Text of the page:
For over a year, other devotees and I have tried to convince the CPO and the NA GBC executive committee to re-open the Vakresvara Pandit (“VP”) case due to our belief that the procedure could not have proved his innocence. After numerous telephone calls, emails, essays, negotiations with ISKCON Resolve, a letter campaign to international leaders and finally, a resolution proposal to the international GBC meeting in Mayapur, no opportunity was ever offered to re-open the case. The NA GBC EC chairperson at the time explained that the GBC cannot do anything, because reconsideration is not part of the existing CPO process. I find this unconvincing, since the GBC is “the ultimate managerial authority”. If the GBC empowers the CPO to convict someone, it can also empower the CPO to re-open a case if a serious mistake has been made. Sadly, I am hearing of many similar mistakes made in other CPO cases, so I suspect that the mistakes in this case were not an isolated incident, but rather an operating procedure. Such devotees who have been wronged may come forward.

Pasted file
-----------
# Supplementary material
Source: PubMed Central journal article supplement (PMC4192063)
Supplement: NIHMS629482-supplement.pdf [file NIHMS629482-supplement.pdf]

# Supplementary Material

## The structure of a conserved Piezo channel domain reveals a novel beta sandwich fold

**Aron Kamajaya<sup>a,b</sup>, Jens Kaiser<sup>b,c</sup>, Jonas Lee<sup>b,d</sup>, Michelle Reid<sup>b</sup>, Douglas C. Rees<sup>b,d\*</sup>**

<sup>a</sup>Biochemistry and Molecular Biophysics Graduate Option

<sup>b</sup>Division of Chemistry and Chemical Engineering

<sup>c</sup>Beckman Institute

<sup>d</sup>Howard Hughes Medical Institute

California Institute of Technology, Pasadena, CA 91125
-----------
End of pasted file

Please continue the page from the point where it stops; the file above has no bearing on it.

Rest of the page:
My hope is that fair-minded devotees will see for themselves the seriousness of ISKCON using its full ecclesiastical authority to condemn someone of child abuse or statutory rape without having a clue of how to conduct a fair process. Further, ISKCON makes official public statements reporting that such a devotee was found guilty of a serious crime, thereby marking a devotee with a scarlet letter, ruining his or her reputation, causing great suffering to the family, and endangering spiritual lives, all of which is shockingly absurd when the allegations would never fly in a court of law.